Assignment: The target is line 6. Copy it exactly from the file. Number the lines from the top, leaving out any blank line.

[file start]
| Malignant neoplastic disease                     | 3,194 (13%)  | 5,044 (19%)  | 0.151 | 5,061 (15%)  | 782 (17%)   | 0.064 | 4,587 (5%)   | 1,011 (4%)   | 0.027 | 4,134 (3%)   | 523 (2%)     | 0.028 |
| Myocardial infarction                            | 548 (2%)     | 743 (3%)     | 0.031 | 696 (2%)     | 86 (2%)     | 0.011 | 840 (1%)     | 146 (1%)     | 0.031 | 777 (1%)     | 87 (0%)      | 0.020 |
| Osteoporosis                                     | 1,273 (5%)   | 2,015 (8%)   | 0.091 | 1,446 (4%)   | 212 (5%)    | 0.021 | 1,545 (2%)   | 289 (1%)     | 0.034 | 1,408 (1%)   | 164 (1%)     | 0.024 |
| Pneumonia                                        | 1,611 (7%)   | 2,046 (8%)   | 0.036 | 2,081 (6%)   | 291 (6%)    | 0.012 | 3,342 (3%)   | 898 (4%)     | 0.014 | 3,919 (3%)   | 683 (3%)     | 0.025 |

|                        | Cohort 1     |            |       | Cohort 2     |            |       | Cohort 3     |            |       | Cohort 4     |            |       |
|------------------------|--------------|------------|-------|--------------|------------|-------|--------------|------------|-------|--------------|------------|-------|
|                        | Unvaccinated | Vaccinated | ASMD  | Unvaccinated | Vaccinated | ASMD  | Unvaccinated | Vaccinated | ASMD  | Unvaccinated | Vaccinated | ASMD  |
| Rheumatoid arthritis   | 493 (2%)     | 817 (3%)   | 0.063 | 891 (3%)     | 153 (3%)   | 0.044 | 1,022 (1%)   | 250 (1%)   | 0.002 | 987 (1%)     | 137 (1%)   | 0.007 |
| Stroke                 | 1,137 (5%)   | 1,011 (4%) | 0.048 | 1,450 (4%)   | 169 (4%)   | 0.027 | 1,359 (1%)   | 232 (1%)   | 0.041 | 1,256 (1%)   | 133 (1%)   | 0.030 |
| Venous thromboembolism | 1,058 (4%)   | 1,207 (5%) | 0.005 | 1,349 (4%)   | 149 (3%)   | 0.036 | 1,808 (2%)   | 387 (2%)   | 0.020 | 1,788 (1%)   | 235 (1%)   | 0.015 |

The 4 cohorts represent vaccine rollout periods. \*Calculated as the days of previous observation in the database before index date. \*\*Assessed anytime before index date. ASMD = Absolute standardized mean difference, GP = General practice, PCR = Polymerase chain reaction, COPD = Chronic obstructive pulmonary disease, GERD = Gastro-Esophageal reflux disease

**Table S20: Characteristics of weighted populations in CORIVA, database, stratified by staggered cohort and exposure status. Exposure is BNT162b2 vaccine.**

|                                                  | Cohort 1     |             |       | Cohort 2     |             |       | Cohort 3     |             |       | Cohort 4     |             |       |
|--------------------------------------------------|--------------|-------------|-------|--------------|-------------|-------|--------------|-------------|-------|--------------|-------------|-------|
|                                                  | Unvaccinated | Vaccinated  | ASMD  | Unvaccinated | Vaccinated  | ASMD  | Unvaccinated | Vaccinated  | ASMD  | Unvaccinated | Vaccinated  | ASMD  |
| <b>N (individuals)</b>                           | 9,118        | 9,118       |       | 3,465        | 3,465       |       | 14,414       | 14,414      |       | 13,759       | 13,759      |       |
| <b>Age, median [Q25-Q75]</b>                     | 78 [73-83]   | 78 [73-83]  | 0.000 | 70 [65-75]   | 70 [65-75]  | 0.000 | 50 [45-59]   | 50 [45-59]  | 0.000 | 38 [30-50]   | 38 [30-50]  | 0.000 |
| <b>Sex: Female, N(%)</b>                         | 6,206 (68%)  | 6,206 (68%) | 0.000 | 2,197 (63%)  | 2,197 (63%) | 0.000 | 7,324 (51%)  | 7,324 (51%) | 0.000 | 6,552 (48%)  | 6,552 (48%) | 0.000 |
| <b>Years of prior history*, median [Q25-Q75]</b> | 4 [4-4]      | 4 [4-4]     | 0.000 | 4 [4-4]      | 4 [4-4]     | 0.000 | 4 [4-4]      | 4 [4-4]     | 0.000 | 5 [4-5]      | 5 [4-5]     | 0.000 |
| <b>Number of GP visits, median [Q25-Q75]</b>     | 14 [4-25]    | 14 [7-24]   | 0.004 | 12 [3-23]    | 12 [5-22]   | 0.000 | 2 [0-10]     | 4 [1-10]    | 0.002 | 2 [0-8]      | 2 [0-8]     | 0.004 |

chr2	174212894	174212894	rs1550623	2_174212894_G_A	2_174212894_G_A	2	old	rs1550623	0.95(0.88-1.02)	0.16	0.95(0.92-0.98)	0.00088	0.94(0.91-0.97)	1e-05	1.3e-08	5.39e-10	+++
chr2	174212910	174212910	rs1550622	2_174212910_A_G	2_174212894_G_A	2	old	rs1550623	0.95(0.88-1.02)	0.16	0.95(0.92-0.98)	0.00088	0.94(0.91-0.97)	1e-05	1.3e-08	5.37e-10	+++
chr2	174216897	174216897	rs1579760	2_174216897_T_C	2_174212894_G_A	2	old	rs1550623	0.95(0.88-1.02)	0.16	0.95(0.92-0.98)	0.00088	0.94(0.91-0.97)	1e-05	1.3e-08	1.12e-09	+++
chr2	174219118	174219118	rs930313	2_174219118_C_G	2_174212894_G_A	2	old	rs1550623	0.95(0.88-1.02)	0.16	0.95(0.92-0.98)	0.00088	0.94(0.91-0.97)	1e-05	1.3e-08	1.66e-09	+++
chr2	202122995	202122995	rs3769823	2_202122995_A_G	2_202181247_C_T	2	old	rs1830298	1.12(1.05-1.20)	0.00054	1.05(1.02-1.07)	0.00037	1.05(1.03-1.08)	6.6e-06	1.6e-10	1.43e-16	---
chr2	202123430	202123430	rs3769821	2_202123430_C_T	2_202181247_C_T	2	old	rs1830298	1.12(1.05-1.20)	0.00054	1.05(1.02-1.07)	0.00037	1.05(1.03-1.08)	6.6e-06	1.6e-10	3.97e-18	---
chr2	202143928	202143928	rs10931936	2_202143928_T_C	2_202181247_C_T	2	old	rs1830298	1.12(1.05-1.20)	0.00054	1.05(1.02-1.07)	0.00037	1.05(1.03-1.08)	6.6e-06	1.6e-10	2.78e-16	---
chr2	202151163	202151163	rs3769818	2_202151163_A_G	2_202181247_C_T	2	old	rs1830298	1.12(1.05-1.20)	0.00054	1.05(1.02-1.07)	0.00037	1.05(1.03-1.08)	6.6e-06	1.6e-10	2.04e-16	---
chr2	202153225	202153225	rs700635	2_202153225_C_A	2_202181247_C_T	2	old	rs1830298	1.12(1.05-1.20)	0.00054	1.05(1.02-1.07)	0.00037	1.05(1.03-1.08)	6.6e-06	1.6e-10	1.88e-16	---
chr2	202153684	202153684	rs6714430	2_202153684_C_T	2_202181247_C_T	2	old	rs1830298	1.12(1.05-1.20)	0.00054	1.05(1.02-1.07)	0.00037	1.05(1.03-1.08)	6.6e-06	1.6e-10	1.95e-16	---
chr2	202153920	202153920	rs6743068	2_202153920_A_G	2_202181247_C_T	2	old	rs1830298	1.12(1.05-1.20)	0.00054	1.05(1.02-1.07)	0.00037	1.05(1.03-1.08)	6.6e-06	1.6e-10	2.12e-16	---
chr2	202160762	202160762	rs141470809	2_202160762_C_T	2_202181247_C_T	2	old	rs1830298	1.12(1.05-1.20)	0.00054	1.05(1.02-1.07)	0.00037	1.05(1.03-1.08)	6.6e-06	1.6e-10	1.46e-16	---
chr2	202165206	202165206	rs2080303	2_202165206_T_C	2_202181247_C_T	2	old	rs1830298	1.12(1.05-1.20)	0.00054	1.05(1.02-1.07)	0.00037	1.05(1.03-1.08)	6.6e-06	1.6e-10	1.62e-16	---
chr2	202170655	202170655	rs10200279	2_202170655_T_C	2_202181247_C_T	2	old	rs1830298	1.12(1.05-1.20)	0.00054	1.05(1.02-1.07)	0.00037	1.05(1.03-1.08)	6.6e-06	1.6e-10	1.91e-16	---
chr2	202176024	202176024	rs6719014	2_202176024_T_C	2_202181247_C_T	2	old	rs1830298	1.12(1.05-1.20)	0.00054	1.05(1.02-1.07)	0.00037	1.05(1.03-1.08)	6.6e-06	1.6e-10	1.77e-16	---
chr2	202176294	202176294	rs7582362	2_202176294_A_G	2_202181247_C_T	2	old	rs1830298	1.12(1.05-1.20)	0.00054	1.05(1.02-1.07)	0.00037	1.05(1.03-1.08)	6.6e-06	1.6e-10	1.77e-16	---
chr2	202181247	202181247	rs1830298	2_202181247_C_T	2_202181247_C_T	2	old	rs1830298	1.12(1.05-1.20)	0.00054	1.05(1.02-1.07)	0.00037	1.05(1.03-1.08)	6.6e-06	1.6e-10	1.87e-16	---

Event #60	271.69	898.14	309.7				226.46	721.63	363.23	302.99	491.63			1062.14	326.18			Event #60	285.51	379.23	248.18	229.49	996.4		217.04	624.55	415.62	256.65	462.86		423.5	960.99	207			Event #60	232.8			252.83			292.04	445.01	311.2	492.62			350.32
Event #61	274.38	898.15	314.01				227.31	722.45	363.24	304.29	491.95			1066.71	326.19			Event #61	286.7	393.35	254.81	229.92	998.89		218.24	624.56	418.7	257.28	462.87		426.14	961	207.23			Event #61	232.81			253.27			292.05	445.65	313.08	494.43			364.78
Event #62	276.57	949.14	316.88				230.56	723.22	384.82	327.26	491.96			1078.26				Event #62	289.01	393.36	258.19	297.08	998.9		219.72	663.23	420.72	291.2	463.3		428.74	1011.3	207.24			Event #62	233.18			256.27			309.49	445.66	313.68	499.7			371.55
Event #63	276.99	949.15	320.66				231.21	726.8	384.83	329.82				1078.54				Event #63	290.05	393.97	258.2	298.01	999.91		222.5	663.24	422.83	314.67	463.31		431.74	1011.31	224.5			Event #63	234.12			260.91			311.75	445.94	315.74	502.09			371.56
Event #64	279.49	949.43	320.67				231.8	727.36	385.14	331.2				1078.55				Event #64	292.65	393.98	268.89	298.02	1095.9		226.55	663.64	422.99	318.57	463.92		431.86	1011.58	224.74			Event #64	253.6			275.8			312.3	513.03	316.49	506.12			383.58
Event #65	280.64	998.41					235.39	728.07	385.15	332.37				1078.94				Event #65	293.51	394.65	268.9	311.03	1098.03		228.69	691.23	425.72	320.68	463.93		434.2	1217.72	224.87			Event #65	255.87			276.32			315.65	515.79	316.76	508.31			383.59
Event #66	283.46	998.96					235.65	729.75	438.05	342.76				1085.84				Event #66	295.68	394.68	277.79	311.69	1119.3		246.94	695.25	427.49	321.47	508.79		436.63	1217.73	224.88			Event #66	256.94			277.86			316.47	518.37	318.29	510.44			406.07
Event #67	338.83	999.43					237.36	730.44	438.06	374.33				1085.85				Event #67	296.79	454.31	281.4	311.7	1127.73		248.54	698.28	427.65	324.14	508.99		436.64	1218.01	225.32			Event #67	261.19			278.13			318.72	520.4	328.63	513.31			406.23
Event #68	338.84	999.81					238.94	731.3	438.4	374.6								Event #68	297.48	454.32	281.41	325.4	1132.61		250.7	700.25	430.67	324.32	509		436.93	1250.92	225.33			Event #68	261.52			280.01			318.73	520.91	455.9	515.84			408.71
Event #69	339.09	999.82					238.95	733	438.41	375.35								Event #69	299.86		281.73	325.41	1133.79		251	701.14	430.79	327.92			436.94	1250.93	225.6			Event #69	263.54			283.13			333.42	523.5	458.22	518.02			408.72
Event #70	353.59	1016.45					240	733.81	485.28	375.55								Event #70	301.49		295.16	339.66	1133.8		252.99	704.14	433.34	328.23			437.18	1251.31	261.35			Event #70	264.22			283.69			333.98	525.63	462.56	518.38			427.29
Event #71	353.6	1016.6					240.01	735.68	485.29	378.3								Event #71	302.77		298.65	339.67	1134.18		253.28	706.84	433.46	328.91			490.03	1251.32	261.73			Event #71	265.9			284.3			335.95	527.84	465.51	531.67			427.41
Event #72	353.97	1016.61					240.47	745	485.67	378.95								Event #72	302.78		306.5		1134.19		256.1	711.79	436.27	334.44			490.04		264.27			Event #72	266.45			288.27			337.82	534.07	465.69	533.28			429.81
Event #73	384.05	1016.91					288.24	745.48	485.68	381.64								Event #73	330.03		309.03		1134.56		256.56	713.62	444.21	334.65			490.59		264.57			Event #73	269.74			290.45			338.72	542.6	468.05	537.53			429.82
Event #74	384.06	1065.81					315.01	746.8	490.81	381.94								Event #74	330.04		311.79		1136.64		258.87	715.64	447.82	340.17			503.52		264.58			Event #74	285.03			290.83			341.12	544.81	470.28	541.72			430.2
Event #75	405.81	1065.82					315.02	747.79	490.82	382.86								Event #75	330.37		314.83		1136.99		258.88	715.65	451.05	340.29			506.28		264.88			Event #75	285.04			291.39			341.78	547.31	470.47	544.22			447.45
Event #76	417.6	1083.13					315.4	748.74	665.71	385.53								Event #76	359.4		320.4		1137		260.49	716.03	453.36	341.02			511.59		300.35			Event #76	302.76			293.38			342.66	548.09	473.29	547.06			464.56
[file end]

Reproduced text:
|------------------------|--------------|------------|-------|--------------|------------|-------|--------------|------------|-------|--------------|------------|-------|